Death at the Zoo | Arkansas Blog

Death at the Zoo

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Jodie, the Little Rock Zoo's oldest chimpanzee (she was about 50), has died. The following sound like anybody you know?

Jodie's longtime companion, Kim, passed away in 2007, and Jodie was often seen assisting the frail and forgetful chimp.  In contrast to her warm and supportive relationship with the members of the chimp group, her relationship with people was aloof and distant.  Her keepers had great respect for her uncompromising independence and often felt as though Jodie regarded them as inferior apes.

 

Zoos Oldest Chimpanzee, Jodie, Dies Tuesday Afternoon

LITTLE ROCK (September 18, 2008) The Little Rock Zoo is sad to announce the death of Jodie, the Zoos oldest chimpanzee.

            Jodie died Tuesday after a medical examination performed by Zoo veterinarian, Dr. Marilynn Baeyens.  Jodie, whose age is estimated to be at least 50-years-old, had been showing signs of advanced age for awhile.  The medical examination performed by Baeyens showed the chimp was experiencing impaired renal function.  Baeyens anesthetized Jodie for the medical examination and she failed to recover from the anesthesia.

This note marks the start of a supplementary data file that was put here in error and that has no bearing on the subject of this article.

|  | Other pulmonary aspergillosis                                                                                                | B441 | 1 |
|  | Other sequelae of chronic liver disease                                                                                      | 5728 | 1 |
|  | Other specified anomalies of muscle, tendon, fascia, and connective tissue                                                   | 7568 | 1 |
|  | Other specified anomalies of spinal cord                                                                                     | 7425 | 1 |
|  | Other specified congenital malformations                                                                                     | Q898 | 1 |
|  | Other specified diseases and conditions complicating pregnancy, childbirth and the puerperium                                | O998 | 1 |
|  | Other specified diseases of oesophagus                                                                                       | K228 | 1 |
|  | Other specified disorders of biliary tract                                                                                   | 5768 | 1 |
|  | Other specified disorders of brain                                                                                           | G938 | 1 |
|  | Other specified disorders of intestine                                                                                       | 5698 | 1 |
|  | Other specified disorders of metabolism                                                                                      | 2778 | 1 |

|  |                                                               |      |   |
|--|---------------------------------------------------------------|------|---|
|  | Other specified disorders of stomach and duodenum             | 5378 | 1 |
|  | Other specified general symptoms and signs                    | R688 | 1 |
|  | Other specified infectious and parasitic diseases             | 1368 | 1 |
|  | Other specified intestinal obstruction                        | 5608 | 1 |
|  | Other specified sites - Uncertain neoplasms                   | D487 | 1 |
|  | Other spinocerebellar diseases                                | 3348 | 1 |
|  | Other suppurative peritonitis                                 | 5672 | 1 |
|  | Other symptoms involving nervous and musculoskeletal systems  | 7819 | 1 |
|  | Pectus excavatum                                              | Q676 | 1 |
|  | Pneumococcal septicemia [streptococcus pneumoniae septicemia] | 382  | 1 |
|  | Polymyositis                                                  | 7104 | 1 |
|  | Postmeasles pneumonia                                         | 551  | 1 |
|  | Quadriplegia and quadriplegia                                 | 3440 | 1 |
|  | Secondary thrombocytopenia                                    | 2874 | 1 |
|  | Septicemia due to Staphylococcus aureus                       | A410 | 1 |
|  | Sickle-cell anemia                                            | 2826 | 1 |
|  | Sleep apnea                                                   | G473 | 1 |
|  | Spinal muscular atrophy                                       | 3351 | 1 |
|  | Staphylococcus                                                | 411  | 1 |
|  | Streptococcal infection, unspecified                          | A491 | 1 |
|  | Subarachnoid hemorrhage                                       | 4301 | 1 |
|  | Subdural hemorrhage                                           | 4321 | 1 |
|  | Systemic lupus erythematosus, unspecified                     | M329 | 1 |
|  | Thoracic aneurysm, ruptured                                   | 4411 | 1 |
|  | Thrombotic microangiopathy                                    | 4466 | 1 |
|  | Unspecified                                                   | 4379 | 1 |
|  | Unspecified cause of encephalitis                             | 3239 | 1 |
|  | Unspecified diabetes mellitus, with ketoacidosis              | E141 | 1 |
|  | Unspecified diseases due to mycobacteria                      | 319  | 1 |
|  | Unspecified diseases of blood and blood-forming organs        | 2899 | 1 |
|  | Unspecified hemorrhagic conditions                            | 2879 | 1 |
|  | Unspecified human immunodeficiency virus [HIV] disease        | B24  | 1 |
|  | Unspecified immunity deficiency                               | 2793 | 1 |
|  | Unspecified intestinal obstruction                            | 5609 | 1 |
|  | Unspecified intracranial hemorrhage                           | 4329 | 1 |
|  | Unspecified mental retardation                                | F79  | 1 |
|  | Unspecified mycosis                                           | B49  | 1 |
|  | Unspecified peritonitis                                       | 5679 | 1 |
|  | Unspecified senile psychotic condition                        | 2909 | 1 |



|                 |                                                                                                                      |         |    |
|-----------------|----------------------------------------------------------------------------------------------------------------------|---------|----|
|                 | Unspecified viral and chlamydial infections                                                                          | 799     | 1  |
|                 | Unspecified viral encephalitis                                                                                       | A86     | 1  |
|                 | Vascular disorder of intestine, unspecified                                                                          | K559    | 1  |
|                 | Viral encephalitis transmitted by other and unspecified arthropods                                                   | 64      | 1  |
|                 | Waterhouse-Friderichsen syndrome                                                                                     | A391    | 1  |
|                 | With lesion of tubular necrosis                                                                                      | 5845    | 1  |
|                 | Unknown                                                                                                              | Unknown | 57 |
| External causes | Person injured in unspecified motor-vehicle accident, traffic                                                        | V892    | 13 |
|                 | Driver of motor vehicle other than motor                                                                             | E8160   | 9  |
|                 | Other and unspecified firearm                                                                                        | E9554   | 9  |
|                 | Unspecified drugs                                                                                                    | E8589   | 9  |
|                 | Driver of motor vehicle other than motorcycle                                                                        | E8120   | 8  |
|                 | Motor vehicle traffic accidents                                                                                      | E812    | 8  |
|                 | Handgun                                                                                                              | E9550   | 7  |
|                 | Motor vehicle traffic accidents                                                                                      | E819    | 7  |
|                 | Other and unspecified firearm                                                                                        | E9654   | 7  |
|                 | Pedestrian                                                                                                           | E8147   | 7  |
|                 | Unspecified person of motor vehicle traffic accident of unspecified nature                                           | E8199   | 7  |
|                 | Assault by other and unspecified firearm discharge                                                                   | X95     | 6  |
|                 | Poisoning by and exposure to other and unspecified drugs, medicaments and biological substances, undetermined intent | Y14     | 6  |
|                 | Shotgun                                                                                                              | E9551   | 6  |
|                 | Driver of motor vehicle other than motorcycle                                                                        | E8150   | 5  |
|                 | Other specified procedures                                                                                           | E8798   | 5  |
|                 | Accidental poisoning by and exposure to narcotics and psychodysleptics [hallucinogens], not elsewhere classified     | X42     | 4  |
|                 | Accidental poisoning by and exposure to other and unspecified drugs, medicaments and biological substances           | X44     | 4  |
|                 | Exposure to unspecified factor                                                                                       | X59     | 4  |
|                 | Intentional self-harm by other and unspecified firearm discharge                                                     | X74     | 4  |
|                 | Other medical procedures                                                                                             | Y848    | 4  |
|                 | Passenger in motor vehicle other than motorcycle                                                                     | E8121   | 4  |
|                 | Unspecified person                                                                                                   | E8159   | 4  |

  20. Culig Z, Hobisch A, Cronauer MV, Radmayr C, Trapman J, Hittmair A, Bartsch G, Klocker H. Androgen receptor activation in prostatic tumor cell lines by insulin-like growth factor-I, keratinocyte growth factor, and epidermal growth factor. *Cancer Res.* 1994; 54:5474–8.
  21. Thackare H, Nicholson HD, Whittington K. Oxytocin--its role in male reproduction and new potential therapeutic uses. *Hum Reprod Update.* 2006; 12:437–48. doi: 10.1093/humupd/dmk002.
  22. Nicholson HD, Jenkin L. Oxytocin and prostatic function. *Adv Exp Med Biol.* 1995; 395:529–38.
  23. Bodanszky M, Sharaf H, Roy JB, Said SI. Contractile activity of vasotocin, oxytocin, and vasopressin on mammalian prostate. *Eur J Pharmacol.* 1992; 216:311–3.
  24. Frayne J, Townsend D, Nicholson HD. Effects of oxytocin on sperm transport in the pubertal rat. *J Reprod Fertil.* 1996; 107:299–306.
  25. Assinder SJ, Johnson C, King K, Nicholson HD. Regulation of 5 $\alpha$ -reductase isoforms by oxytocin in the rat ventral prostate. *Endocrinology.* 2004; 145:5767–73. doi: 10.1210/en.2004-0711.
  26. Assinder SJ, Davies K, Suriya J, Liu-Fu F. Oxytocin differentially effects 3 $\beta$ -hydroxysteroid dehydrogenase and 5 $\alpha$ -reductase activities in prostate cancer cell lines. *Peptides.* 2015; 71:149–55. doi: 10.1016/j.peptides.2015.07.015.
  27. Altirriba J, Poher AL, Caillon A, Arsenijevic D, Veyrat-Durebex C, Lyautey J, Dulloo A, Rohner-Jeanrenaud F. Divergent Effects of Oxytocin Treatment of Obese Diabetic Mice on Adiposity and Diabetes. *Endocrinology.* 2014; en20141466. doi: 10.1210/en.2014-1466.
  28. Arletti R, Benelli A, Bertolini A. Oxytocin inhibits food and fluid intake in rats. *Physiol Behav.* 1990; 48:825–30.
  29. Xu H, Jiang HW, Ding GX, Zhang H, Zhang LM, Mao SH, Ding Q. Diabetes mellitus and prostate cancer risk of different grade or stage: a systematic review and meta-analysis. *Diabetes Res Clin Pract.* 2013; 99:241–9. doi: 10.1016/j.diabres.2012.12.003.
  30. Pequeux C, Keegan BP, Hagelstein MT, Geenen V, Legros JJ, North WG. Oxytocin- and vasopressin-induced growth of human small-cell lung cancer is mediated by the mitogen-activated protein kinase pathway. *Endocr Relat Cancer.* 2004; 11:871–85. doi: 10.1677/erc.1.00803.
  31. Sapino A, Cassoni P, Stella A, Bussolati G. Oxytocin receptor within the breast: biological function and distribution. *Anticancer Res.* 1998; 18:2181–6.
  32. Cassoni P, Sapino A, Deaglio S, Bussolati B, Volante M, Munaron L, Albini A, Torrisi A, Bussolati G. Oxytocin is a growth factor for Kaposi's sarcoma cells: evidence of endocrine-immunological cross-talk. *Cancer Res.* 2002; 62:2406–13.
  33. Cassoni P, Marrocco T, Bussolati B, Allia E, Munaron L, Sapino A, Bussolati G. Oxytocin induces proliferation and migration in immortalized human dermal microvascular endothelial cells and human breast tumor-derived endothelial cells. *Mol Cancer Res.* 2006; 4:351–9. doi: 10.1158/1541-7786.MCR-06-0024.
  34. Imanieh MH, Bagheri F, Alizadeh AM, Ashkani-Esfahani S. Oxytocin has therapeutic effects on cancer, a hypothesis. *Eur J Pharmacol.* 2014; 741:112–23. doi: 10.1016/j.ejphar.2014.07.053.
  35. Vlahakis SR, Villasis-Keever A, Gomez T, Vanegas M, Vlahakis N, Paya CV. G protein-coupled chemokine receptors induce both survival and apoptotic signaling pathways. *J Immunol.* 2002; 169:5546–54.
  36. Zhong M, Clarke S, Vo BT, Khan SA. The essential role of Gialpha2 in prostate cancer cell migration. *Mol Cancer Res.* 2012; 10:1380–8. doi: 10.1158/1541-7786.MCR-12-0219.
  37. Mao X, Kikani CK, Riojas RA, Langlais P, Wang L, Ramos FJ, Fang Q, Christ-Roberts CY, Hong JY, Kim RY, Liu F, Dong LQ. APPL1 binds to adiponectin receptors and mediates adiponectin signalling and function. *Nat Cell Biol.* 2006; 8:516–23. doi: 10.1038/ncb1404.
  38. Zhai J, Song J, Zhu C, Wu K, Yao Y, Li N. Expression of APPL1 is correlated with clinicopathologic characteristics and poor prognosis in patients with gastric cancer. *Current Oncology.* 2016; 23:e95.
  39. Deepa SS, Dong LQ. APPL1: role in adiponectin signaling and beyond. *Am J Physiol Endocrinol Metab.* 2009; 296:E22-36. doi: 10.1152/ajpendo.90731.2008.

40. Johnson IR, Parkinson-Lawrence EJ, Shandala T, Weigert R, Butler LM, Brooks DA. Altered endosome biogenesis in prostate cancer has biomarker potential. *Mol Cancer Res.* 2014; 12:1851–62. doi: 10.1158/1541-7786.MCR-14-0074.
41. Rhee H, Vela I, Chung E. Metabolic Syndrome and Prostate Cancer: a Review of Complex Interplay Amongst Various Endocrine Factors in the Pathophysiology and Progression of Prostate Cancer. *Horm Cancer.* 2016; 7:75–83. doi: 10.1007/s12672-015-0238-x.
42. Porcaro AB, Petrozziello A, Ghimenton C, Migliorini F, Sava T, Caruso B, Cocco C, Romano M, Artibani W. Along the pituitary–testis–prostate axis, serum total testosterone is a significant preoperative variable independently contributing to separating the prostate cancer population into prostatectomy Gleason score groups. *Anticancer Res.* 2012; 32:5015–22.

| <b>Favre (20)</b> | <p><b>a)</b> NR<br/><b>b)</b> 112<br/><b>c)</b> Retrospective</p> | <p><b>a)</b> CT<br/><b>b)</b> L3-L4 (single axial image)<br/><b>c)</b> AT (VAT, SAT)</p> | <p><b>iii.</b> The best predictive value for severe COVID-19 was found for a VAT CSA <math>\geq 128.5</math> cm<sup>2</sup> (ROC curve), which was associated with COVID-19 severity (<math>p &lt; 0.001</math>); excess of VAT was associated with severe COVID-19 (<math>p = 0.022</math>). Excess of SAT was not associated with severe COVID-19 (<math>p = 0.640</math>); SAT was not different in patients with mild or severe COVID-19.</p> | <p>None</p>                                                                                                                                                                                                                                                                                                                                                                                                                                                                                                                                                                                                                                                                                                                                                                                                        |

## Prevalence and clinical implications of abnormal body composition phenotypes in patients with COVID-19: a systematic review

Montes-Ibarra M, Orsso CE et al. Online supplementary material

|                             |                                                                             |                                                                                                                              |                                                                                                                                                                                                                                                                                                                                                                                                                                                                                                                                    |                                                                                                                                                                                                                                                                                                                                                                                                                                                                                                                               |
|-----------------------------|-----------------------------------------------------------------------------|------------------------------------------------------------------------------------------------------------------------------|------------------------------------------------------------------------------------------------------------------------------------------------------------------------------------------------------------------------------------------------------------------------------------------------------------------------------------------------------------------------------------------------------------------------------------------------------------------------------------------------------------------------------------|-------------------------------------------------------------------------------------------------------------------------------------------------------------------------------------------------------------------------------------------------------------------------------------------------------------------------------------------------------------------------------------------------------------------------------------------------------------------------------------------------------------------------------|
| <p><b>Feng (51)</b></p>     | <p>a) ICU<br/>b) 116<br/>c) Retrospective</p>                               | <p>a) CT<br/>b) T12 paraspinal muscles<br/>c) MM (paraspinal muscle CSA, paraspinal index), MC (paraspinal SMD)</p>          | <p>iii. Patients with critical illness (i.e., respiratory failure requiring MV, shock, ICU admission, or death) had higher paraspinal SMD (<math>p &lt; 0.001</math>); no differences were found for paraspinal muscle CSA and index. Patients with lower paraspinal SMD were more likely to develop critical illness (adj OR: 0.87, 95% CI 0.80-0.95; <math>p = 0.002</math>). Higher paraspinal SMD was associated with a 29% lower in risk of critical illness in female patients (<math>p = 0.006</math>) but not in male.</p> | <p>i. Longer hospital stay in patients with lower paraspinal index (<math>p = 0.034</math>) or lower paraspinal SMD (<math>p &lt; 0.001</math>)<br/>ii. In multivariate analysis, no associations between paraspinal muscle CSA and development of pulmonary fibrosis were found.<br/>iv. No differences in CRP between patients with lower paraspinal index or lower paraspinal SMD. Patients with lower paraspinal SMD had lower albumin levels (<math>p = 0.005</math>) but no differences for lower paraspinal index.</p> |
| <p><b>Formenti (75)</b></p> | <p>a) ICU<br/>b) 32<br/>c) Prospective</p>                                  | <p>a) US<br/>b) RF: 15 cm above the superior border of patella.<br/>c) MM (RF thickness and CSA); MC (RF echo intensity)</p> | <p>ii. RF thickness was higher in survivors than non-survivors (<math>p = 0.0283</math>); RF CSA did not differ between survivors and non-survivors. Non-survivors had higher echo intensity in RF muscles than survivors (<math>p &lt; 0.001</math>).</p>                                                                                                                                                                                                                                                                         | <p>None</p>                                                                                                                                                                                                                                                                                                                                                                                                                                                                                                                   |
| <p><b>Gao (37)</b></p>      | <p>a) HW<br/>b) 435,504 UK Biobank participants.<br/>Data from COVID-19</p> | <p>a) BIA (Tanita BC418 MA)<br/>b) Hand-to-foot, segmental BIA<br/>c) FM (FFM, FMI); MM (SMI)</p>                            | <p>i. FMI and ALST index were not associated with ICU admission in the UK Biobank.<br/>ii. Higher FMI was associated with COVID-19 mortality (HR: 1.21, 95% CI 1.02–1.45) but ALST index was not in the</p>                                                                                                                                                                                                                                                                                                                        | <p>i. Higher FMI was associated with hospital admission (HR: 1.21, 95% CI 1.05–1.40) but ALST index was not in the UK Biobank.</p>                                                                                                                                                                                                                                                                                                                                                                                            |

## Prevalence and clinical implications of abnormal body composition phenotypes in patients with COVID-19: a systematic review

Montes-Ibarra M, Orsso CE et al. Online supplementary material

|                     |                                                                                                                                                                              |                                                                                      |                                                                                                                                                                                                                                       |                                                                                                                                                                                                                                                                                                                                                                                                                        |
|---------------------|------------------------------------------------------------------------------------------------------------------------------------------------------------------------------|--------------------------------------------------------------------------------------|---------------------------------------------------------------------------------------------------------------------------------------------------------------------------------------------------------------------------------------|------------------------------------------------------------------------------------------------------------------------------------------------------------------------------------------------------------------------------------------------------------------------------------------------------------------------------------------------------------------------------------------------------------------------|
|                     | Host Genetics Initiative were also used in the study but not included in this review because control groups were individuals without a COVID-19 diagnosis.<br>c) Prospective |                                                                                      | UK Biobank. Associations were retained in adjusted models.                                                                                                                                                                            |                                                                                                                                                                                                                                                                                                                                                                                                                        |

Jodie came to the Little Rock Zoo in 1970 from Vanderbilt University.  Jodies actual birth date is not known and is only an estimate because she was wild-caught.  Records show Jodie is at least 50 but could potentially be older. 

When Jodie arrived at the Little Rock Zoo she was a resident of Chimp Island which now serves as the Zoos lemur exhibit.  She was one of the first residents of the new chimpanzee exhibit built in 1988.  Jodie is one of the last generations of wild-caught apes.  It is now illegal to import apes from the wild, and has been for many years. 

She was an important member of her chimpanzee family and was known by keepers for her calm and consistent personality which often served as a stabilizing influence on the group.   

Jodies longtime companion, Kim, passed away in 2007, and Jodie was often seen assisting the frail and forgetful chimp.  In contrast to her warm and supportive relationship with the members of the chimp group, her relationship with people was aloof and distant.  Her keepers had great respect for her uncompromising independence and often felt as though Jodie regarded them as inferior apes.

 

 

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